Fr. Bloomfield's Blog

I am a Roman Catholic Priest of the Archdiocese of Detroit, currently assigned to Divine Child Parish in Dearborn, Michigan. When I manage to keep the page updated, hopefully something interesting can be found here!

Monday, February 26, 2007

Faith Seeking Understanding for February 11, 2007

Continuing our exploration of the Apostolic Constitutions, as we have for the last few weeks, we move on to book six. This book begins by admonishing bishops to always teach the truth, and to avoid heresies: “Above all things, O bishop, avoid the sad and dangerous and most atheistical heresies, eschewing them as fire that burns those that come near to it. Avoid also schisms: for it is neither lawful to turn one’s mind towards wicked heresies, nor to separate from those of the same sentiment out of ambition” (bk. 6, n. 1).

According to the Catechism of the Catholic Church, “Heresy is the obstinate post-baptismal denial of some truth which must be believed with divine and catholic faith, or it is likewise an obstinate doubt concerning the same” and “schism is the refusal of submission to the Roman Pontiff or of communion with the members of the Church subject to him” (CCC 2089). It seems strange to admonish a bishop to avoid such obvious dangers to the unity of the Faith, but even in the early Church, these problems were not unknown.

Interestingly enough, we continue to read that the apostles’ names were often applied to certain books, in hopes of gaining credibility and authority from their position. Nevertheless, the Constitutions urge not “to receive those books which obtain in our name, but are written by the ungodly. For you are not to attend to the names of the apostles, but to the nature of the things, and their settled opinions” (bk. 6, n. 16).

Next, the author addresses the issue of clerical celibacy; even as early as this writing (fourth century), we see an understanding of the clerical state as preventing future marriage: “it is not lawful for them, if they are unmarried when they are ordained, to be married afterwards; or if they be then married, to marry a second time, but to be content with that wife which they had when they came to ordination” (bk. 6, 17). Although no reason is given for such a teaching, it is clearly not something new or unexpected, but rather simply enforcing the common practice already understood by the Church.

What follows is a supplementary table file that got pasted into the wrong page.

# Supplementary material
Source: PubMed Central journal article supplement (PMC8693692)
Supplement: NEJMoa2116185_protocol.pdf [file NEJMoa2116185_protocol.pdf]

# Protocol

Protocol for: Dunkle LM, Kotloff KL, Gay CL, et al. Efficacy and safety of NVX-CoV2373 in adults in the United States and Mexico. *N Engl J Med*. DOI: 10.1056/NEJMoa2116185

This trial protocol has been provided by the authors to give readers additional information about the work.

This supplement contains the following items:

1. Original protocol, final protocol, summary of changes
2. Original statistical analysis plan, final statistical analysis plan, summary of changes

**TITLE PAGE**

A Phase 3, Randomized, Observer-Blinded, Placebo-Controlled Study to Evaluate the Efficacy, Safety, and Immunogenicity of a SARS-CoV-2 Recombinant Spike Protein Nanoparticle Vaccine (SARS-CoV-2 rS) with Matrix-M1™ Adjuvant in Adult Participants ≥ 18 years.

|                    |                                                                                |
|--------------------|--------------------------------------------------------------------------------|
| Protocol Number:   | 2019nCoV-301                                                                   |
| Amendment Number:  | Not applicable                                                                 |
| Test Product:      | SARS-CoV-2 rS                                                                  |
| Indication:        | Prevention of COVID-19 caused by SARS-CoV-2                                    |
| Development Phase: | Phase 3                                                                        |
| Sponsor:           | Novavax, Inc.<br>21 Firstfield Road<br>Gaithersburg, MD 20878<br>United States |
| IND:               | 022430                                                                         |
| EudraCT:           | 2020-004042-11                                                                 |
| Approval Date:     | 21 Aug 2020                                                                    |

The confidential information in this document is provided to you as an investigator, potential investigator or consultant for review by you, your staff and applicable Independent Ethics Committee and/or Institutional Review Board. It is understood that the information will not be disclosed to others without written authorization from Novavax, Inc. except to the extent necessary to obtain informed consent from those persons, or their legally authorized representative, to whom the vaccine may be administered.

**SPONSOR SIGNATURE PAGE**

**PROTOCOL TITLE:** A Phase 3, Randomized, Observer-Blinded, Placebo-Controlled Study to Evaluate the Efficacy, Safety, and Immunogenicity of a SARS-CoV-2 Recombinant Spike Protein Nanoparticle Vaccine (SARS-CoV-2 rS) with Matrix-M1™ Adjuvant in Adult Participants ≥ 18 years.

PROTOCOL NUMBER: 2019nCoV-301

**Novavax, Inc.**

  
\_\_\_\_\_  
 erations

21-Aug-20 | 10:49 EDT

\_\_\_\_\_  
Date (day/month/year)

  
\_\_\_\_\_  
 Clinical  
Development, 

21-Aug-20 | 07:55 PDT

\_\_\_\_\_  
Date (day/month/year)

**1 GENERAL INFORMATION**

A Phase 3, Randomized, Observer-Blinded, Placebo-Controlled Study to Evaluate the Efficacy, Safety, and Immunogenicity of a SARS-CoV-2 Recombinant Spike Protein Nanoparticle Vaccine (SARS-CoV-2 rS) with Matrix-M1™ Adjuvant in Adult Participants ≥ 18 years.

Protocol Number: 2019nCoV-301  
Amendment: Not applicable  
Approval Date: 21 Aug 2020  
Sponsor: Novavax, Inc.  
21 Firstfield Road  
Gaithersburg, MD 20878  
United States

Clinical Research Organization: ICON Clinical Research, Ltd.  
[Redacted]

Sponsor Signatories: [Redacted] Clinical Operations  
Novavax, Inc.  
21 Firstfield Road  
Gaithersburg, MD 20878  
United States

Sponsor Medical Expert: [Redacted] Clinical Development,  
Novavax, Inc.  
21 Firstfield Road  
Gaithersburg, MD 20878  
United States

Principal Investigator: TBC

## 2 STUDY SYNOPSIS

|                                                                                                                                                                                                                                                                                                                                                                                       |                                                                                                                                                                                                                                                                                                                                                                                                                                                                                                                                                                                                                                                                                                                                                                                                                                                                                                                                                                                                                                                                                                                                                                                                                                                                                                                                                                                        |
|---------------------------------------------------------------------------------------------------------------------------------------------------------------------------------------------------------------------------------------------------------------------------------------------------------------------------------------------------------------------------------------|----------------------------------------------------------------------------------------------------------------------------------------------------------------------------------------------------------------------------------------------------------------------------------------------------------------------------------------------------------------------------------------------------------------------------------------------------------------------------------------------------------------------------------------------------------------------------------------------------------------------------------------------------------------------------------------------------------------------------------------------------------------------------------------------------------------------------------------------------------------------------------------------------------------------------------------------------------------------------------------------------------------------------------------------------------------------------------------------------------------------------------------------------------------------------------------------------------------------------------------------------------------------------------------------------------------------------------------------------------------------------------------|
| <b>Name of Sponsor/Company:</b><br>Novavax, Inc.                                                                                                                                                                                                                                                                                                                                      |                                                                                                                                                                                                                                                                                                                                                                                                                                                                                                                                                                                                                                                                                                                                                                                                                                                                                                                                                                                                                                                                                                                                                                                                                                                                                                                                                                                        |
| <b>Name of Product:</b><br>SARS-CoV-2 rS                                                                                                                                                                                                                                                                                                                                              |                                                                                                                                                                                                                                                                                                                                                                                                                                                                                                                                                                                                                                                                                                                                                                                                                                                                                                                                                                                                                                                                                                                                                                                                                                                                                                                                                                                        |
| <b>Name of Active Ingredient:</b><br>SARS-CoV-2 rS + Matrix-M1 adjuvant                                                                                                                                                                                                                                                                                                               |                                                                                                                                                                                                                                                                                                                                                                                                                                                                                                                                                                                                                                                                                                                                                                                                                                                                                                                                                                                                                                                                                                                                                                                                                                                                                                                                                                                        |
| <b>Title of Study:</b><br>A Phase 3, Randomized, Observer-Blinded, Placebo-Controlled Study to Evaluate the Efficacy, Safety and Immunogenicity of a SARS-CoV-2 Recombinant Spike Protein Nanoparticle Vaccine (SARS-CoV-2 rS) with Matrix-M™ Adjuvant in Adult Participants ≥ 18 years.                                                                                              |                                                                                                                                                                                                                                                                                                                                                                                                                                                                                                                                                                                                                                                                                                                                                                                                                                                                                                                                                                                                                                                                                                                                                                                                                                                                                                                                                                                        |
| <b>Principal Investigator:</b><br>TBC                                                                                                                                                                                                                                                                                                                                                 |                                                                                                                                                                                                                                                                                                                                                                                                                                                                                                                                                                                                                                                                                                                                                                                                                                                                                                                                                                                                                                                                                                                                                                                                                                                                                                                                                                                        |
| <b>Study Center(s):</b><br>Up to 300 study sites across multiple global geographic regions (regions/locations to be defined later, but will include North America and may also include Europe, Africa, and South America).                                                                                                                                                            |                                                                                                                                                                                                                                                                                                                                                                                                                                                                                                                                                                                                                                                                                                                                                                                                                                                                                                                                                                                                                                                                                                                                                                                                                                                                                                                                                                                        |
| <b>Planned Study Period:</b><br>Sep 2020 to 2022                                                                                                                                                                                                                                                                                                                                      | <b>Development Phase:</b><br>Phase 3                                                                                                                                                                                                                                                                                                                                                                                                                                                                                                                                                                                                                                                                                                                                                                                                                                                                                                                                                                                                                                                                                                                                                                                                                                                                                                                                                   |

The remainder of the sixth book describes the fulfillment of the Law (of the Old Testament) in Jesus Christ; as we move to the seventh book, however, we return to the themes that we saw in the Didache. That is, the notion of the “Two Ways” is in some sense the charter of the Christian life: “there are two ways – the one of life, the other of death; which have no comparison with one another, for they are very different, or rather entirely separate; and the way of life is that of nature, but that of death was afterwards introduced, – it not being according to the mind of God, but from the snares of the adversary” (bk. 7, n. 1).

Just as in the Didache, we then read all the various actions unbecoming of a Christian, and how to avoid them. Then begins a short section on Christian initiation, describing the various Sacraments. Interestingly, our celebration today retains many of the elements described in the Constitutions: “Beforehand anoint the person with the holy oil, and afterward baptize him with the water, and in the conclusion shall seal him with the ointment” (bk. 7, n. 22).

Likewise, the practice of always gathering on Sunday is essential to the Christian life: “On the day of the resurrection of the Lord, that is, the Lord’s day, assemble yourselves together, without fail, giving thanks to God, and praising Him for those mercies God has bestowed upon you through Christ, and has delivered you from ignorance, error, and bondage” (bk. 7, n. 30).

As we prepare for the beginning of Lent during the next week, we will then turn and examine the early Christian preparation for the welcoming of catechumens, and the nature of their training and education in the Faith. Even today, we can consider Lent a sort of “Spring Training” to practice our Faith more fully, and to enter in each year more deeply to the mysteries of our Lord’s saving life, death, and resurrection.

Have a blessed week!